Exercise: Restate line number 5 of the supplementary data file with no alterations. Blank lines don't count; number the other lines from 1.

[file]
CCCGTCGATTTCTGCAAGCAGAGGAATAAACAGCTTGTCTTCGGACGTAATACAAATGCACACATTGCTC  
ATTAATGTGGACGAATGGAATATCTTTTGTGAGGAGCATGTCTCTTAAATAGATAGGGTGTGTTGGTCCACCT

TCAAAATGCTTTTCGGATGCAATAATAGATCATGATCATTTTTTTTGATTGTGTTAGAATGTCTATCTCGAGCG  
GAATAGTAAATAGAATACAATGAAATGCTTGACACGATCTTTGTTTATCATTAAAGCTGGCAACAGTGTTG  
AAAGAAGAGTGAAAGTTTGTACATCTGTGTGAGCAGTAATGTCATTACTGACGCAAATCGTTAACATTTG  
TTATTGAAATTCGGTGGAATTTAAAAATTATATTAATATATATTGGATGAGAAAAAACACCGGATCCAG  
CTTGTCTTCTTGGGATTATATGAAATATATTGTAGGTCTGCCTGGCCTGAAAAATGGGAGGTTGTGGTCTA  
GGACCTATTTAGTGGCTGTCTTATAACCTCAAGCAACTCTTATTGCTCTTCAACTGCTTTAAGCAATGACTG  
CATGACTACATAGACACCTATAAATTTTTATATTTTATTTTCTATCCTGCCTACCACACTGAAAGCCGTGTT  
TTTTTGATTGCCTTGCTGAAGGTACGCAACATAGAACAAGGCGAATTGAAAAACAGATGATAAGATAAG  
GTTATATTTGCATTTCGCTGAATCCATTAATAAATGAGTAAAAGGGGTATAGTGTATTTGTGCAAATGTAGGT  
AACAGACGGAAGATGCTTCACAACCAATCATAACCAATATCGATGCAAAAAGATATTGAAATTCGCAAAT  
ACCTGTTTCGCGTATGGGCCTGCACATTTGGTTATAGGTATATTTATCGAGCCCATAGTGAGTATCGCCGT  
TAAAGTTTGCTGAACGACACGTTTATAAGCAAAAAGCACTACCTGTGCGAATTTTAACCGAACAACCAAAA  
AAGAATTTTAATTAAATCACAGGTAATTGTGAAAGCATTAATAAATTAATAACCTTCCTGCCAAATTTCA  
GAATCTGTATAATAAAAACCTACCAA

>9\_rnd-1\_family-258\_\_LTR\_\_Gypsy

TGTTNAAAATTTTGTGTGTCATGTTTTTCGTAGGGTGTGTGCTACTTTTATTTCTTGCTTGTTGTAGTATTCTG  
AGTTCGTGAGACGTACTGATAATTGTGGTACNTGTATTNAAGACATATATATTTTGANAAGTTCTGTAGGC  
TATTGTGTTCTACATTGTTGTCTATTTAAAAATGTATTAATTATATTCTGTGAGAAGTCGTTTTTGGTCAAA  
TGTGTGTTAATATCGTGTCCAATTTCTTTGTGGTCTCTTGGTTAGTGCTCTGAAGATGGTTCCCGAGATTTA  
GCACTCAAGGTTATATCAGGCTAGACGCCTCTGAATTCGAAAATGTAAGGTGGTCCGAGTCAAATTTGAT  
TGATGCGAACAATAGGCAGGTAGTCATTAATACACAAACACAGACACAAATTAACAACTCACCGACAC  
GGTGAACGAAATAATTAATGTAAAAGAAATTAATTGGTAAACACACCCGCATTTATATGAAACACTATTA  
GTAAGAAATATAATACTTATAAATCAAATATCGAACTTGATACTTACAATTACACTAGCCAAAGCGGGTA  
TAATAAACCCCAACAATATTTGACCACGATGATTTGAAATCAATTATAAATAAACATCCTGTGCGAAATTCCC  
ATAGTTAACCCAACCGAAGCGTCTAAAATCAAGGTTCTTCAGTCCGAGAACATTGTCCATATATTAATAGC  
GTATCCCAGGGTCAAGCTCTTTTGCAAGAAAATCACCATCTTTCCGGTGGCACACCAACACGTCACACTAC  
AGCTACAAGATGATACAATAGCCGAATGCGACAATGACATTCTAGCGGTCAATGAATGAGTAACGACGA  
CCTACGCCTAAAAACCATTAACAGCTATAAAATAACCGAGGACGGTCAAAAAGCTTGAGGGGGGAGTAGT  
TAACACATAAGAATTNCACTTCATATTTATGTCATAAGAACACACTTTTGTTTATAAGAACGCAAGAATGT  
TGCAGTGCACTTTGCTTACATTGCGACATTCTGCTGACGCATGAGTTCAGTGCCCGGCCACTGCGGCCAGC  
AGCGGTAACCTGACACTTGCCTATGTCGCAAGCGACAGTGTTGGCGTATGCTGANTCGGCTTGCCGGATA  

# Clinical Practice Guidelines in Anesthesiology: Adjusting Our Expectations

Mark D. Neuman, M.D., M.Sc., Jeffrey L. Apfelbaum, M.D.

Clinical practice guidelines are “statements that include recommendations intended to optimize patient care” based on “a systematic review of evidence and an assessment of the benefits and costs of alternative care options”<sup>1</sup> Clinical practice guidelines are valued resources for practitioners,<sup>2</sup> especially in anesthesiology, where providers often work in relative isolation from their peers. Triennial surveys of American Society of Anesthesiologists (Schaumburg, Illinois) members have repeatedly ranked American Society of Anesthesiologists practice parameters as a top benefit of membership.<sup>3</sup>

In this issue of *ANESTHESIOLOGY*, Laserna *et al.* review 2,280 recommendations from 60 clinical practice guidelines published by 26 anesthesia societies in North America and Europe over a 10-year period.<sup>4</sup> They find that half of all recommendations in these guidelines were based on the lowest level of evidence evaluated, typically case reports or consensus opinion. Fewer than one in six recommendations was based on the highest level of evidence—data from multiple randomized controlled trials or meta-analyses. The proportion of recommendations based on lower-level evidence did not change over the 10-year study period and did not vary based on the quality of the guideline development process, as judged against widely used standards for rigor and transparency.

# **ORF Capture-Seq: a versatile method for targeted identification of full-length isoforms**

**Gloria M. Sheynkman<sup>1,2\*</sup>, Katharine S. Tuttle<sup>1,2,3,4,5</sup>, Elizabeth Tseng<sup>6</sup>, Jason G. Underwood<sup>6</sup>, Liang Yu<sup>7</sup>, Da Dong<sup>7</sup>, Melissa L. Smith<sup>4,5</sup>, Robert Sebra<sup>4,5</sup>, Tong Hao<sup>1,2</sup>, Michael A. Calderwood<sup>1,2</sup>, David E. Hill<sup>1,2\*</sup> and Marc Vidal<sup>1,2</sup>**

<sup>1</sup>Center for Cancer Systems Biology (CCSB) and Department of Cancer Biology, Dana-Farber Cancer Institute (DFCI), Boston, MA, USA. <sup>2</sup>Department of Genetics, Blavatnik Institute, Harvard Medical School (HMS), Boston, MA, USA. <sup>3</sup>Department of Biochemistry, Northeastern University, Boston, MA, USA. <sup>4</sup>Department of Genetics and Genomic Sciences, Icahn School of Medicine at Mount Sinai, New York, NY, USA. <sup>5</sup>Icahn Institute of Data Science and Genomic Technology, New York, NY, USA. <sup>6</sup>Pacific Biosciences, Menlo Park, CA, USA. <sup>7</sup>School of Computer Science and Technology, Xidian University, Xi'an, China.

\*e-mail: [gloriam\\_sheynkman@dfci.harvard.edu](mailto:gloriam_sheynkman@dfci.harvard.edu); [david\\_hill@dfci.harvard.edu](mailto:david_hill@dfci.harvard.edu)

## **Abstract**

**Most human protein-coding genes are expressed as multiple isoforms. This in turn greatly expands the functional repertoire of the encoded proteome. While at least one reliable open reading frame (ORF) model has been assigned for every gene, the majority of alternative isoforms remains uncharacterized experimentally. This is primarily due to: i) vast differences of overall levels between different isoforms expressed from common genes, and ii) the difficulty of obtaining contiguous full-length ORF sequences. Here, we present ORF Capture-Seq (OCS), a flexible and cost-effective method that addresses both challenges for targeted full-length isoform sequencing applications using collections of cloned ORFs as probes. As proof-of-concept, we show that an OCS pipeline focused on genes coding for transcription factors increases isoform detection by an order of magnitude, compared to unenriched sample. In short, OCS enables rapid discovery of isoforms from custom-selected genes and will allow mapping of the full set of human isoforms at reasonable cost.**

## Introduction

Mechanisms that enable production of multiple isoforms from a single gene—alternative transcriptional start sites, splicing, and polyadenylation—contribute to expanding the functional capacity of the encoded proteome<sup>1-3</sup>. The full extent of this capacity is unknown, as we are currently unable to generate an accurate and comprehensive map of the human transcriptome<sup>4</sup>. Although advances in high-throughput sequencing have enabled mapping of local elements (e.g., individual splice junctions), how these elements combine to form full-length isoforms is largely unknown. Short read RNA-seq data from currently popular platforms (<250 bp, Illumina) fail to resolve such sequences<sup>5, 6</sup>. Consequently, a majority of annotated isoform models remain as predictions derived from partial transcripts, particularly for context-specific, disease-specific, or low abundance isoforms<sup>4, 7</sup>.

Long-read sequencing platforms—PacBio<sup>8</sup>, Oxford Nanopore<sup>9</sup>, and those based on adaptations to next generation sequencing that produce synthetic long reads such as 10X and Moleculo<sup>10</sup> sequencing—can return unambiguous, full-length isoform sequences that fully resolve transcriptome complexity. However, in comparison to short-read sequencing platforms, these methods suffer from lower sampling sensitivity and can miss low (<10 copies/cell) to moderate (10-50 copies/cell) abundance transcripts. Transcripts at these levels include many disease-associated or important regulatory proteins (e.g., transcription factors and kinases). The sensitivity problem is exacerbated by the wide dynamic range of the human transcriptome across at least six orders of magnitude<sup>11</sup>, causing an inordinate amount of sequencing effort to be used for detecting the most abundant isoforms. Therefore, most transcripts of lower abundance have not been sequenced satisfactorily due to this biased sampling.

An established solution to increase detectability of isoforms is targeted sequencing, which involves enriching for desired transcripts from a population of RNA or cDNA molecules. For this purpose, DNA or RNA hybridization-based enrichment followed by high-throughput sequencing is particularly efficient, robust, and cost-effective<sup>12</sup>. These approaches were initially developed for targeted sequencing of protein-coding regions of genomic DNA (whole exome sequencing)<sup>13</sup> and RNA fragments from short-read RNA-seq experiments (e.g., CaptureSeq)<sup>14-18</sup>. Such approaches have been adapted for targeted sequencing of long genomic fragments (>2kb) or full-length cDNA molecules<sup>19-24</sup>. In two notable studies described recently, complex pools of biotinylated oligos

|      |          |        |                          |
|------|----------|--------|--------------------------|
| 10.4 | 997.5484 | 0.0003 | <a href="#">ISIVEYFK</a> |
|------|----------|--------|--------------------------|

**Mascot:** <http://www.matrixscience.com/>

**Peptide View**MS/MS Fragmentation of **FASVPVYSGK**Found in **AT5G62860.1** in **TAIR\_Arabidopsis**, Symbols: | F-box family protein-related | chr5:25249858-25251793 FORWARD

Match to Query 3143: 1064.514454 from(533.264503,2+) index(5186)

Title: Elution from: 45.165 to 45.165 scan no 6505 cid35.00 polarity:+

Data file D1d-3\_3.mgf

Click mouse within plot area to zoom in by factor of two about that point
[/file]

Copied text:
AAAGAAGAGTGAAAGTTTGTACATCTGTGTGAGCAGTAATGTCATTACTGACGCAAATCGTTAACATTTG  